An improvisational comedy show might seem like a strange place to learn church leadership skills, but there may be more than meets the eye in a fast-paced, creative, and funny show. Seasoned comedians use an essential set of tools to prepare themselves to deliver seemingly off-the-cuff remarks; in reality, those remarks are anything but off-the-cuff.

The individual who is armed with an improvisational tool kit has an instantaneous advantage in dealing with all manner of difficult situations that naturally arise in the course of one’s career.

Improvisation, at its most basic level, lets you respond more quickly in real time. While there’s nothing wrong with the quantitative, strategic and analytical skills traditionally taught at B-schools, those alone do not guarantee success in business and organizational life, where things tend to be messier and more fluid, and where success often rests on the ability to form winning coalitions that will back a good idea.

The seven elements of improvisation introduce a whole new skill set for invention and innovation for today’s leaders.

Yes, And – these two words for the bedrock of all improvisation. Organizational cultures that embrace Yes, And are more inventive, quicker to solve problems, and more likely to have engaged team members than organizations where ideas are judged, criticized, and rejected too quickly. Incorporating Yes, And into every aspect of your organization becomes the ground zero to creativity and innovation.

Ensemble – the ensemble is the preeminent focus of improvisation, and it is also a vital ingredient in almost any organization’s growth and competitiveness. Good ensembles yield great performance by creating an environment where the group’s goals trump the individual’s.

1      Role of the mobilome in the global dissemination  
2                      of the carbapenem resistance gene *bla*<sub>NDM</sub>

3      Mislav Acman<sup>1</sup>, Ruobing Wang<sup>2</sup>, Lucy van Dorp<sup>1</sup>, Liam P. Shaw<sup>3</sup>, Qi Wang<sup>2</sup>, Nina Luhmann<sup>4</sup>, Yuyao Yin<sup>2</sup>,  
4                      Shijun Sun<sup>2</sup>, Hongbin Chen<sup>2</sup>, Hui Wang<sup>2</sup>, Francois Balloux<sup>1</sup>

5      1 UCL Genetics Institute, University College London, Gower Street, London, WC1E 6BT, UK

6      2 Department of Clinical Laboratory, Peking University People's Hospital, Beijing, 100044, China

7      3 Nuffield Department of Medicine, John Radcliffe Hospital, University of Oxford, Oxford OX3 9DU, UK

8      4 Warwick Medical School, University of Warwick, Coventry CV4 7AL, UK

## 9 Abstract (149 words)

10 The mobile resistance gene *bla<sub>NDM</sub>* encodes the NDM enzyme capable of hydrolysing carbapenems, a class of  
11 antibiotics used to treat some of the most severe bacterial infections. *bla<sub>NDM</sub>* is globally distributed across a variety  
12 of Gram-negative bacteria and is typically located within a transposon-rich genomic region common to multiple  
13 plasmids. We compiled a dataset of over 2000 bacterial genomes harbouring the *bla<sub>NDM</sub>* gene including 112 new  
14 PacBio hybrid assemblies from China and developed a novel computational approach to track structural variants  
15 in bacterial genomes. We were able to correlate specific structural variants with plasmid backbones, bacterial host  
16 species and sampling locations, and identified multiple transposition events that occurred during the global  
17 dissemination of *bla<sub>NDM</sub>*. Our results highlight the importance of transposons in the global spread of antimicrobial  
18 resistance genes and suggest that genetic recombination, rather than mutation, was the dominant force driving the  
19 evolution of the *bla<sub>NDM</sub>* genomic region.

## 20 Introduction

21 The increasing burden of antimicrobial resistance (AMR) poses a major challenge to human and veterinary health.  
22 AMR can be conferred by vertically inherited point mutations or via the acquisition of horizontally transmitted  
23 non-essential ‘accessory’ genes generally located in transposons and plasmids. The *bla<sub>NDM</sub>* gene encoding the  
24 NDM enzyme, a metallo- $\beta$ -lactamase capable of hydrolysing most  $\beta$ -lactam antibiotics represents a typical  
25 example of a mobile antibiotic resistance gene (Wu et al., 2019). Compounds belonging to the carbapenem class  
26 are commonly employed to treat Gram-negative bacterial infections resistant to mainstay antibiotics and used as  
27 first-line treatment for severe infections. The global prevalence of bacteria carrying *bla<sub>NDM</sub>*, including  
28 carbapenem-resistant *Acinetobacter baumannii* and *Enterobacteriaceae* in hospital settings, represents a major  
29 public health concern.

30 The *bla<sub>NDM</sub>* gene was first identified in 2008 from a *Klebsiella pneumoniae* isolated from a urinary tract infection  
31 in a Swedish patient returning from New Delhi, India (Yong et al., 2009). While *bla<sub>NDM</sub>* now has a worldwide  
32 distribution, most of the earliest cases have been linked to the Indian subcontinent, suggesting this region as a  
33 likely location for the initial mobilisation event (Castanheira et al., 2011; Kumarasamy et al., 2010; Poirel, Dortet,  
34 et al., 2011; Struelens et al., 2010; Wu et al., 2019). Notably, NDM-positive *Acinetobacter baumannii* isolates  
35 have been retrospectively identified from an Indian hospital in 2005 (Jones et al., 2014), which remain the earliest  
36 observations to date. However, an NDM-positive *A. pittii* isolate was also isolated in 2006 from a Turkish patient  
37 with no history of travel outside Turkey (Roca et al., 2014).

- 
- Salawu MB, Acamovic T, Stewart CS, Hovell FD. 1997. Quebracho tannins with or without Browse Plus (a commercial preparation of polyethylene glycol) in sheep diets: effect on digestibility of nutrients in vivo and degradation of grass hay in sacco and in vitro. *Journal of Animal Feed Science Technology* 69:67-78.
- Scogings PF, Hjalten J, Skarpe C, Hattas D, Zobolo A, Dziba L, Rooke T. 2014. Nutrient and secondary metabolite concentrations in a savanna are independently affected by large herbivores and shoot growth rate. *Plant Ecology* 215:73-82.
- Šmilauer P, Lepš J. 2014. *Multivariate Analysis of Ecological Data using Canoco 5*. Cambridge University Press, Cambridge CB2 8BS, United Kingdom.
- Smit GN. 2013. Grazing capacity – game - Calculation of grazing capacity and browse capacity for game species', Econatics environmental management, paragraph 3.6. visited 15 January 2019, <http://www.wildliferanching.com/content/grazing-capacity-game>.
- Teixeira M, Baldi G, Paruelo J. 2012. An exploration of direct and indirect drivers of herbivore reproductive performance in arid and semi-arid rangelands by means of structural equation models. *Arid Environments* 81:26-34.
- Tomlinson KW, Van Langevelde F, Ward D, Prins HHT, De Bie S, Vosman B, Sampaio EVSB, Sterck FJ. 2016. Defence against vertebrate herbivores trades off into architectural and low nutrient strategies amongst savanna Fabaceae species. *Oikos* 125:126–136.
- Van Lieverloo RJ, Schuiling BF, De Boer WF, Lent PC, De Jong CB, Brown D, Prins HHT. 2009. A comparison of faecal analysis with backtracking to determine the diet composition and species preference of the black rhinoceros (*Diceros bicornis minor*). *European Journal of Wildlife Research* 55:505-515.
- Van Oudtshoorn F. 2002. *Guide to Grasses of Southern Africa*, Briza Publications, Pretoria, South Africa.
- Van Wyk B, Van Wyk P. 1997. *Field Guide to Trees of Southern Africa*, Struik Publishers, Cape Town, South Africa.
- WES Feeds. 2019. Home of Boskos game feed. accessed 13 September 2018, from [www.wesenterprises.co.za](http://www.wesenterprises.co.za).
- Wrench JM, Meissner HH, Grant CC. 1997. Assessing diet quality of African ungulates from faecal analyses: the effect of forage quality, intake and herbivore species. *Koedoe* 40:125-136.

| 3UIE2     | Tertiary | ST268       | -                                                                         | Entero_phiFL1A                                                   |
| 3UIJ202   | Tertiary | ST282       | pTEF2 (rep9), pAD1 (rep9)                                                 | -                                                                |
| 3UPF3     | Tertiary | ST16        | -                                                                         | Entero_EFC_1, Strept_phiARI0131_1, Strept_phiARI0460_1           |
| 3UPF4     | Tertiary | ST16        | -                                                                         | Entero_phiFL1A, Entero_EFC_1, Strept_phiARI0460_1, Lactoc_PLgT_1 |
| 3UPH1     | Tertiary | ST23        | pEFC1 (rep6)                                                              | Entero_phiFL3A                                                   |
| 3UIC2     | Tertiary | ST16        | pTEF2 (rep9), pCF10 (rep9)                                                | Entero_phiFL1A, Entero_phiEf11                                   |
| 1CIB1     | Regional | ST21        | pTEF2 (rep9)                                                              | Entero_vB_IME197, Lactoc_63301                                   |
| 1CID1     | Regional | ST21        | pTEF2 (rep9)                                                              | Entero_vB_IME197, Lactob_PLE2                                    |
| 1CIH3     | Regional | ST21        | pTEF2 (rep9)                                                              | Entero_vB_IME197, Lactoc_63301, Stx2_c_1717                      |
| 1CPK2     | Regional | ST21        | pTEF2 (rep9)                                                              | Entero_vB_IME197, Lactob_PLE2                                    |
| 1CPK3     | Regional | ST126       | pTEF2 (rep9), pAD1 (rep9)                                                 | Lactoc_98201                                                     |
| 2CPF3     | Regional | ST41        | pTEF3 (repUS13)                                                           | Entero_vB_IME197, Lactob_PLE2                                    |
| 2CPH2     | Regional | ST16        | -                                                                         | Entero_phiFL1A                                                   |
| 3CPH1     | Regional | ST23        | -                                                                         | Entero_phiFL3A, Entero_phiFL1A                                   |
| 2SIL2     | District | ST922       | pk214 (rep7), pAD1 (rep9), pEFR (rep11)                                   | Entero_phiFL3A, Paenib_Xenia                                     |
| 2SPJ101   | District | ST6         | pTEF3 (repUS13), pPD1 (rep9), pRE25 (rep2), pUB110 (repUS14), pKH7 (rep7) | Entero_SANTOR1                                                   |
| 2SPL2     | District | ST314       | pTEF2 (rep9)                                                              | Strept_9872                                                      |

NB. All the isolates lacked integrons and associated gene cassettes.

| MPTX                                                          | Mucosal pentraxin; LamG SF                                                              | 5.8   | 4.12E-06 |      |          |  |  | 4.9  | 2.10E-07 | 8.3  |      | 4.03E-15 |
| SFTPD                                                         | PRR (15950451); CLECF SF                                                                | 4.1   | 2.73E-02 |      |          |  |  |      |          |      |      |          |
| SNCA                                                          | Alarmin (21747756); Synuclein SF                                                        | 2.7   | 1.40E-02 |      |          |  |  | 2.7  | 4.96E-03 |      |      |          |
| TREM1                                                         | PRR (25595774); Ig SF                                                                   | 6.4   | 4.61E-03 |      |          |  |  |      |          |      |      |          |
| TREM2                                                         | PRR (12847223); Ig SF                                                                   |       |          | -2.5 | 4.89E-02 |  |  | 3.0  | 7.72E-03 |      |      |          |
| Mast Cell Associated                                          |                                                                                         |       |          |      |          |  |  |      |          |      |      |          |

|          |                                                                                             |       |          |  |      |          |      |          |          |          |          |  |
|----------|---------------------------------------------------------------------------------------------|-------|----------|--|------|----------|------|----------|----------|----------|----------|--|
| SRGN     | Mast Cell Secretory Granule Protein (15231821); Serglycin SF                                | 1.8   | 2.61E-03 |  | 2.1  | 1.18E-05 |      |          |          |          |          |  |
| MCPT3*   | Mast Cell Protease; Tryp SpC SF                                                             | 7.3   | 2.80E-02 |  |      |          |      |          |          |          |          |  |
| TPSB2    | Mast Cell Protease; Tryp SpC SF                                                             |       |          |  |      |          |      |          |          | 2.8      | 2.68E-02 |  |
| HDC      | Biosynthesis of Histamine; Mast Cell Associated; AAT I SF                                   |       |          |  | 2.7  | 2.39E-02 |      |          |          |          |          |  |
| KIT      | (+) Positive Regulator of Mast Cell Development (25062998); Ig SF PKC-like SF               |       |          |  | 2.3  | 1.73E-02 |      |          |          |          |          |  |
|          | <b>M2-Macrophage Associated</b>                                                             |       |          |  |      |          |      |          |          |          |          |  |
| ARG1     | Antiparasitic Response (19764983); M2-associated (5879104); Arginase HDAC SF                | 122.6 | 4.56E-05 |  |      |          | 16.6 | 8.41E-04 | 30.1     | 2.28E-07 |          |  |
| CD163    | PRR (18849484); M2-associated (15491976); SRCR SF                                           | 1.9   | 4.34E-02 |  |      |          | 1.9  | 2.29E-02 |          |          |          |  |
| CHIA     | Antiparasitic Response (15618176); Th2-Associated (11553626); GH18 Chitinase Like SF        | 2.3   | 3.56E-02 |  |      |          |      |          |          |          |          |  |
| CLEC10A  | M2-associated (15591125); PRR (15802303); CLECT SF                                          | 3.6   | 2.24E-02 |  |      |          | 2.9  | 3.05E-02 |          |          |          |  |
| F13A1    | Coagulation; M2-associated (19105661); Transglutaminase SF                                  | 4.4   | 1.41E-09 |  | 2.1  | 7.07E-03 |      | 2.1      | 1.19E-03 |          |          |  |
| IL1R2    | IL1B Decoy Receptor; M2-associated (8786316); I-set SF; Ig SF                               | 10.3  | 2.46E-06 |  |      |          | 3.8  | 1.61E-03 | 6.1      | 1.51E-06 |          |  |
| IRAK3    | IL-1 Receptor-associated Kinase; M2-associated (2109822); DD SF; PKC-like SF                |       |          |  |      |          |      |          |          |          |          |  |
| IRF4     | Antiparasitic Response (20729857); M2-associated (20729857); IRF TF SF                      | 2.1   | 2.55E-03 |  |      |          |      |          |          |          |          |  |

Co-Creation – dialogues push stories further than monologues. The sum of co-creation is greater than its parts. And in our increasingly connected world, co-creation is fast becoming a fact of life.

Authenticity – rather than pretend that problems and failures don’t exist, strong leaders and organizations acknowledge what’s not working. By allowing team members to air grievances or highlight problems, leaders are better able to learn and grow.

Failure – the biggest threat to creativity is the fear of failure. By deflating the negative power of failure, you erode fear and allow creativity to flourish. There are ways to look at failure as a given, and a vital part of the creative process.

Follow the follower – leadership is more about understanding status than about maintaining status. It’s about recognizing the great power that comes in giving up the role of top dog on occasion.

Listening – the care and feeding of our listening muscle is an absolute priority for anyone who wished to create, communicate, lead, or manage effectively.

Kelly Leonard and Tom Yorton, Yes, And